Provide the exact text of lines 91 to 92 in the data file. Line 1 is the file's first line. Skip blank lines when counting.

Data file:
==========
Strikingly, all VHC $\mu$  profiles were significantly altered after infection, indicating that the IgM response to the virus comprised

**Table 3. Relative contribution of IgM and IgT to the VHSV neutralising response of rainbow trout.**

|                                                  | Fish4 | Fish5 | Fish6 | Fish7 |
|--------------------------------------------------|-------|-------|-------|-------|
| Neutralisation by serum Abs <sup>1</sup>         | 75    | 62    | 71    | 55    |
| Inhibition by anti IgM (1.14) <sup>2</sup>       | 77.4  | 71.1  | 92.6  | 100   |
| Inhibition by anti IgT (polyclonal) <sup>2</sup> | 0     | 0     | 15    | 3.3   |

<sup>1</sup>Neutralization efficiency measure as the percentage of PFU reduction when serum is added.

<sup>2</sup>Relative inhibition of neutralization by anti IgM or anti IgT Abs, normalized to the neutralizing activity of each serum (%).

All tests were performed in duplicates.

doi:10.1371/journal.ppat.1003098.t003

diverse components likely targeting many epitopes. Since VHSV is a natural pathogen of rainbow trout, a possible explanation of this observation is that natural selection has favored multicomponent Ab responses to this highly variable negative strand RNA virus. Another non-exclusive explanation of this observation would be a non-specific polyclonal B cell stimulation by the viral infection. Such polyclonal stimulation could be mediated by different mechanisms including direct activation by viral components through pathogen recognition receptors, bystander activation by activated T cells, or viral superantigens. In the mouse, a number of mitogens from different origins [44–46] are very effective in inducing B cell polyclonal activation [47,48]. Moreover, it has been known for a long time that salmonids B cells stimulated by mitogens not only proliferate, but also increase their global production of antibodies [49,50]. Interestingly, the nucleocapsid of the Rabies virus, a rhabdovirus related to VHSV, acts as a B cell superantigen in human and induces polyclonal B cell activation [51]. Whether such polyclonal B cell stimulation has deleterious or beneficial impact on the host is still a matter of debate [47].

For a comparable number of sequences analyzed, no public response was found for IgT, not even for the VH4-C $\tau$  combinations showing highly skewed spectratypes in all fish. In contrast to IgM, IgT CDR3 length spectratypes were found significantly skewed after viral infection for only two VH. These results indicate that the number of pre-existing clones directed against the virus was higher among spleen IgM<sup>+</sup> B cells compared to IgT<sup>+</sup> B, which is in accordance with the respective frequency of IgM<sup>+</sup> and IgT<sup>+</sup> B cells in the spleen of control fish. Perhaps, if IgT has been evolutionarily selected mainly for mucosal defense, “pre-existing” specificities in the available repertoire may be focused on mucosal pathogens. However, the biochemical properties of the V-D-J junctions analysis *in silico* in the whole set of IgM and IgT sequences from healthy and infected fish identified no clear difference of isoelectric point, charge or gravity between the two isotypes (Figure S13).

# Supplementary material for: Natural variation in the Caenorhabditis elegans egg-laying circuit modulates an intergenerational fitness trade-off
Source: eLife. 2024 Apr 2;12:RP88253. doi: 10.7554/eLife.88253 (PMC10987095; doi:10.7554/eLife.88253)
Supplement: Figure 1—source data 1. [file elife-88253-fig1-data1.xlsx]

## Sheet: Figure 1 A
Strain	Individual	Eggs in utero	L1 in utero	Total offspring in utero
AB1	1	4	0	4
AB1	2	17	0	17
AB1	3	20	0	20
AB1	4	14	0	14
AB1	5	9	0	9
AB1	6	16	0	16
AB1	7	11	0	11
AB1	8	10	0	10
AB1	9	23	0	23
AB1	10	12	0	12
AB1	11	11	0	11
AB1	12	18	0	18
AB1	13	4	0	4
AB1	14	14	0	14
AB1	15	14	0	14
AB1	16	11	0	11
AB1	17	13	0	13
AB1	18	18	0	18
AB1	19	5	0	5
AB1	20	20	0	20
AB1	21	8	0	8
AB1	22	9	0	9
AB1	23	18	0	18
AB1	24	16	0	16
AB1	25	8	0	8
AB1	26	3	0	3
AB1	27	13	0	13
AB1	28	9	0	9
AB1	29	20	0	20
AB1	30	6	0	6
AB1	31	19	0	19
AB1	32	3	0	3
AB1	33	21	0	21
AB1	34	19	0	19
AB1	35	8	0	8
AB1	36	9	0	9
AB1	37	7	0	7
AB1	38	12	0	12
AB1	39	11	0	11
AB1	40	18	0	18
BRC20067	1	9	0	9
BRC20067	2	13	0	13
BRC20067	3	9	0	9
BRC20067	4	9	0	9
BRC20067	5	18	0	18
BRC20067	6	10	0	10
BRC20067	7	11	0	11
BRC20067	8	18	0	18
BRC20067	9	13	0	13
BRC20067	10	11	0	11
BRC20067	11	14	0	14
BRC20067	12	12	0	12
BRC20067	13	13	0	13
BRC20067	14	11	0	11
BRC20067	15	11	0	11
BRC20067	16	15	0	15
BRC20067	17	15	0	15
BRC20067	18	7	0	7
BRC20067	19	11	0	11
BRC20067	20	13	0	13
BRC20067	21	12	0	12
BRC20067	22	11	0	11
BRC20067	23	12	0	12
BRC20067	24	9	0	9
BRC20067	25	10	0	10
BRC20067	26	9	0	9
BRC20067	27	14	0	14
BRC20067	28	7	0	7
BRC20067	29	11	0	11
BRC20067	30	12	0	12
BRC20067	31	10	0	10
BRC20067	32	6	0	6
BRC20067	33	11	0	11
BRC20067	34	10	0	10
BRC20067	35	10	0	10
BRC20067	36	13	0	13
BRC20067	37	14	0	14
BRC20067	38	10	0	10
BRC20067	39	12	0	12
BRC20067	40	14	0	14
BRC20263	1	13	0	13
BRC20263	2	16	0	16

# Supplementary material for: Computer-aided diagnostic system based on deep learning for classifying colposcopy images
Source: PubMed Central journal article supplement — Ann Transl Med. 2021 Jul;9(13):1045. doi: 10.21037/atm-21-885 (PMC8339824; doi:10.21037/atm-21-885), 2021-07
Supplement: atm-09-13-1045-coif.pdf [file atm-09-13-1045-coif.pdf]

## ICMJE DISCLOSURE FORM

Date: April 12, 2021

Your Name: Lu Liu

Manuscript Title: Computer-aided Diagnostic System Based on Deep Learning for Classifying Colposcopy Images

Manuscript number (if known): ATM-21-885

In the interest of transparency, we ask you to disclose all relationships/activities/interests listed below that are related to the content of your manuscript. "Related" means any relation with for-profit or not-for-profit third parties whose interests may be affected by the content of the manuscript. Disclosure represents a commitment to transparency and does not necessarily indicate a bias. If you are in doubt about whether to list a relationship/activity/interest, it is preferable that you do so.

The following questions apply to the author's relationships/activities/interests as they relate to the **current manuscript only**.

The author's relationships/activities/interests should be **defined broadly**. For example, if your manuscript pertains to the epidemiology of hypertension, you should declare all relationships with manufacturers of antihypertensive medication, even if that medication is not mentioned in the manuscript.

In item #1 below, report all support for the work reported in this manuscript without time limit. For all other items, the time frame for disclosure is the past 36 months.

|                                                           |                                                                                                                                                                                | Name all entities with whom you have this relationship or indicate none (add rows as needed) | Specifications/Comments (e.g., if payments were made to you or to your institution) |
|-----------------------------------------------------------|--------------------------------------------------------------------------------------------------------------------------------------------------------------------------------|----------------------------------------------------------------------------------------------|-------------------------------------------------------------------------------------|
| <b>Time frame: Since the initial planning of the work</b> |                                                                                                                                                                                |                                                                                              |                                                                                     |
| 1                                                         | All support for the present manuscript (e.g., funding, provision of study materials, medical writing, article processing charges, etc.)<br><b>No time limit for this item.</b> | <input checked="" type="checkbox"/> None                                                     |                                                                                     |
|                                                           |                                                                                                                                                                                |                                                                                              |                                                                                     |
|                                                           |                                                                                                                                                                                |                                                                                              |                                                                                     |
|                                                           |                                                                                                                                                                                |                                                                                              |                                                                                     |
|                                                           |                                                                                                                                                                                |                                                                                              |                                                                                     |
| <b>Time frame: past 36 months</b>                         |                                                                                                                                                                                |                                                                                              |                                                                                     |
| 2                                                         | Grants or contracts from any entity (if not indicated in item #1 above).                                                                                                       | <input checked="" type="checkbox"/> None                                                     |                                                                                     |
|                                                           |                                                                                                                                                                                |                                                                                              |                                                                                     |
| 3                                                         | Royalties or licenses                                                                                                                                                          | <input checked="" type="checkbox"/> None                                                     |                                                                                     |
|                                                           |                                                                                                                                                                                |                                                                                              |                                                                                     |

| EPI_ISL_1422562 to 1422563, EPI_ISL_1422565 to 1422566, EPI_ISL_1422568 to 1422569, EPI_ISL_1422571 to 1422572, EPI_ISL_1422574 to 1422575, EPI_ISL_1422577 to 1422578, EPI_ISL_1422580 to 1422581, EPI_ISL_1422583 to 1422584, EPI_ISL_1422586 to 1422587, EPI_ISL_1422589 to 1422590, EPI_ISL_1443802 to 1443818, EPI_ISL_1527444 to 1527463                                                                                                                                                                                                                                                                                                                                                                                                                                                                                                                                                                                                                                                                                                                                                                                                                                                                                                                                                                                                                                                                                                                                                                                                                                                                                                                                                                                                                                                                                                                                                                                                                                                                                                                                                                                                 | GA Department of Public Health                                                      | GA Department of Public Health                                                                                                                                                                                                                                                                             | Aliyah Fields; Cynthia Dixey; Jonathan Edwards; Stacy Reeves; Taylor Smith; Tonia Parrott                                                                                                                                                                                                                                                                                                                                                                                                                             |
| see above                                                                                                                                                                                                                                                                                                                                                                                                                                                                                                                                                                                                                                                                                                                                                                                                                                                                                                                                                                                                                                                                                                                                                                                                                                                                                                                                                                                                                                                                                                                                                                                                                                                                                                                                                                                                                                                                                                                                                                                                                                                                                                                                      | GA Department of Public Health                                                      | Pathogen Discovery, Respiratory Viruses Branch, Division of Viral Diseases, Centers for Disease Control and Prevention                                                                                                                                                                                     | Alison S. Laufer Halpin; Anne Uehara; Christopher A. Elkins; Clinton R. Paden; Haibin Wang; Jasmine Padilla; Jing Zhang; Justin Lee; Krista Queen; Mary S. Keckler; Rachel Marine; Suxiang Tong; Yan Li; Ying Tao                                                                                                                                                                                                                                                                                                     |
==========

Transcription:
BRC20067	33	11	0	11
BRC20067	34	10	0	10